The reasons for this blog: 1. To provide basic author information for students, teachers, librarians, etc. (Please see sidebar) 2. I think out loud a lot as I work through writing projects, and I'm trying to dump most of those thoughts here rather than on my friends.

Saturday, January 23, 2010

I have character arcs on the brain lately, because I've been thinking about them for other people. At the same time I've been rereading MWT's Attolia series (in anticipation of the new book this spring). And I'm like, whoa. I'm not sure The Thief even has a character arc for the MC--at least, not a strong one. It has one for the reader, that's for sure. The Queen of Attolia certainly does, for both MCs. But The King of Attolia...I'm just over halfway through my reread and am thinking this is a book that does its own thing. I think you can divide most books and movies into three-act structure, not because it's the right way or the natural way, but just because that's how Americans tend to tell stories. You can impose the three-act structure from the outside, and almost anything looks like it fits and was planned that way. But the big old turning point of KOA is about halfway through. That big old turning point lasts for pages and chapters. Up till then, it looks to me like the main character arc (growth and change) belongs to Costis, and afterwards it mostly belongs to Eugenides. But I could be wrong. And I guess you could impose the 3-act structure anyway, and say that those pages and chapters in the middle are the second act. But that's really stretching the situation, to my mind.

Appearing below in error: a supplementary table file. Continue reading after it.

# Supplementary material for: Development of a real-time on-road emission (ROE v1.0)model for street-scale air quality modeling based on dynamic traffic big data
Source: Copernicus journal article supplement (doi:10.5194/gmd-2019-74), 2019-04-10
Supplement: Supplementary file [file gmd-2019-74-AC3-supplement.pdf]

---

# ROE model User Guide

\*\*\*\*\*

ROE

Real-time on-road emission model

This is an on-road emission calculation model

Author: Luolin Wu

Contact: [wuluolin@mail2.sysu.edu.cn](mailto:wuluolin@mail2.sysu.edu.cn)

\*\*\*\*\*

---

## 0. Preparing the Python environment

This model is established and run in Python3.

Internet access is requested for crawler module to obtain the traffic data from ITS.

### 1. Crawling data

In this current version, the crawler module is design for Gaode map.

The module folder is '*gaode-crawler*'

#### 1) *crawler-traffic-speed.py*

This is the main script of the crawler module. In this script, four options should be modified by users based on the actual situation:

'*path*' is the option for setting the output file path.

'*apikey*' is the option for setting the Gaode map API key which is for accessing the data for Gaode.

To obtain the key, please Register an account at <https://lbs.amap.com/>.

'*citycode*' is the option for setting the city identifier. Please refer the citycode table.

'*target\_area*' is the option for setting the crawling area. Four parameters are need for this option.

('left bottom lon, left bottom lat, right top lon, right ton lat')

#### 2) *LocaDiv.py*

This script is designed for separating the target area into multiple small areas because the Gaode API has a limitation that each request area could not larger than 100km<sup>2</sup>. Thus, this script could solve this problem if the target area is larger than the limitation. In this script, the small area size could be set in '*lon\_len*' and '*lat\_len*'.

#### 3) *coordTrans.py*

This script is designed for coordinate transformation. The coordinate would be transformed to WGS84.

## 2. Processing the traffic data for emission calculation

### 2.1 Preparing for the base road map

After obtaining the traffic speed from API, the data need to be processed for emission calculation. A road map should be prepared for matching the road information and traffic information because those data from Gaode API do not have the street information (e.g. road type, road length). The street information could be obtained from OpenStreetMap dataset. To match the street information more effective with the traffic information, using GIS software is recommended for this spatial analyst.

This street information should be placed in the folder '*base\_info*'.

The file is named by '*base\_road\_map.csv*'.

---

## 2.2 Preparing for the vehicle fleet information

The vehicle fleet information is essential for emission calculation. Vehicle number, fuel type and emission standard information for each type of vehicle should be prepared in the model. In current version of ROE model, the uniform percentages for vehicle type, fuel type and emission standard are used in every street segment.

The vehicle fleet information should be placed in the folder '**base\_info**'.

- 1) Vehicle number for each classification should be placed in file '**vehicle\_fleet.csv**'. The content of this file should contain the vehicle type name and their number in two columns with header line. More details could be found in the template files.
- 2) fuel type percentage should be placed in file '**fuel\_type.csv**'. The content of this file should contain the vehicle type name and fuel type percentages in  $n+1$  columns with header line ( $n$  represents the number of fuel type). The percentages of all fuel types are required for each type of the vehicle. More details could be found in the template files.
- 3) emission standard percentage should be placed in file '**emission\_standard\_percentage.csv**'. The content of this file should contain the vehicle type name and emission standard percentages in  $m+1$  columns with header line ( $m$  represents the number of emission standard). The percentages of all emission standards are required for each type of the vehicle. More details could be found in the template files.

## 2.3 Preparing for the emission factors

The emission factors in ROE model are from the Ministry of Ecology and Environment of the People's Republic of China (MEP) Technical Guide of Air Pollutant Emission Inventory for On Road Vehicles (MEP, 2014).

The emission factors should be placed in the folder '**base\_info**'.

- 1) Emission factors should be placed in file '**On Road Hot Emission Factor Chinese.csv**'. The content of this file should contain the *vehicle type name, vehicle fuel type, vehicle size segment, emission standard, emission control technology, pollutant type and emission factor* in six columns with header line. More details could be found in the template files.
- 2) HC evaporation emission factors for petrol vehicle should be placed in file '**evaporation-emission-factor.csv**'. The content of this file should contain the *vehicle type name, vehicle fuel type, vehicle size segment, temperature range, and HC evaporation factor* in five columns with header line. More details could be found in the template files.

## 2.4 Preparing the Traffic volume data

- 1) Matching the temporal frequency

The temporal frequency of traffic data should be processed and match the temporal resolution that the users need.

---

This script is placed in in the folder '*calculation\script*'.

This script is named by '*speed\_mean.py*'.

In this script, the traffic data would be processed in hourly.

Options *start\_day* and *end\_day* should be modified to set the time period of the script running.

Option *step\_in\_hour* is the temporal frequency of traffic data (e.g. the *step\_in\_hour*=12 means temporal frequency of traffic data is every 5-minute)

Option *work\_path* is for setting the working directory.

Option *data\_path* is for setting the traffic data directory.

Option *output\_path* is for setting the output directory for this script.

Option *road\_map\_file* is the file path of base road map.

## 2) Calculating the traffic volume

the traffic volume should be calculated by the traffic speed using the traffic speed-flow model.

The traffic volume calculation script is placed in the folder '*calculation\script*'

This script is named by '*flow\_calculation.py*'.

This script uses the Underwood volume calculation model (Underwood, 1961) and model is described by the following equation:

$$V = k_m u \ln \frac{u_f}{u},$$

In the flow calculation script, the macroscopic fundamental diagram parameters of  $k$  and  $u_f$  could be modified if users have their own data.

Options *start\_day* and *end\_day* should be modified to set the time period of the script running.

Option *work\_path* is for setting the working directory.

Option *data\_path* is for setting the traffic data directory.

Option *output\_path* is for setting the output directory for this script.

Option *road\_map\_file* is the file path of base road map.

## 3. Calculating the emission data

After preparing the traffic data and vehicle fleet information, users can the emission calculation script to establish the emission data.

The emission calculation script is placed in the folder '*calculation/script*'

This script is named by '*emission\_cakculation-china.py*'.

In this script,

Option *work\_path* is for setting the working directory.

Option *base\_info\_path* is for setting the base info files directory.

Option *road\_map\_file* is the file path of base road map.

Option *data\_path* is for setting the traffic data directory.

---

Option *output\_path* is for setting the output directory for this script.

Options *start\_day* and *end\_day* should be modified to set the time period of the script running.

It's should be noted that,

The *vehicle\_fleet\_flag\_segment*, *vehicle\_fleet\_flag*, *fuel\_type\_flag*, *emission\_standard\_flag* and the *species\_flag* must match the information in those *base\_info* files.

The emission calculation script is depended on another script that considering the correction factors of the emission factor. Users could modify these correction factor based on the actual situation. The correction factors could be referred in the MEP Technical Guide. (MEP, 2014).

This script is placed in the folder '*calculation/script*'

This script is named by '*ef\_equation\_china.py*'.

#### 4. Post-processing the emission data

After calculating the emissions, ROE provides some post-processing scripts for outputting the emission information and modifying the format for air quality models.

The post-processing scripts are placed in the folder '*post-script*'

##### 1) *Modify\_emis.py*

All I know is that this level of complexity in combining plot and character is totally beyond me. The whole story shifts purpose in the middle of the book--it's like two different books put together. Yet everything keeps moving along. I'd give some good cash money to hear what MWT's writing process is. I suspect it's something like Louis Sachar's, because they both have that ability to combine character with plots that loop around multiple times, picking up on prior points that looked like throwaways at the time, but turn out to be keys to the story and to reader satisfaction.

I need to think why the story keeps moving along after that halfway point, with all its exciting scenes. Multiple problems are solved, characters revealed, and the book ought to end right there. But somehow the new problem that's brought to the fore doesn't let the story slack off enough to make the reader lose interest. There's no question that I was able to put the book down and go to bed, rather than staying up reading. But there's also no question that I'll pick it up again and finish it today--even though I've already read it and know what happens.

The first time I read it, I wasn't able to put it down at all.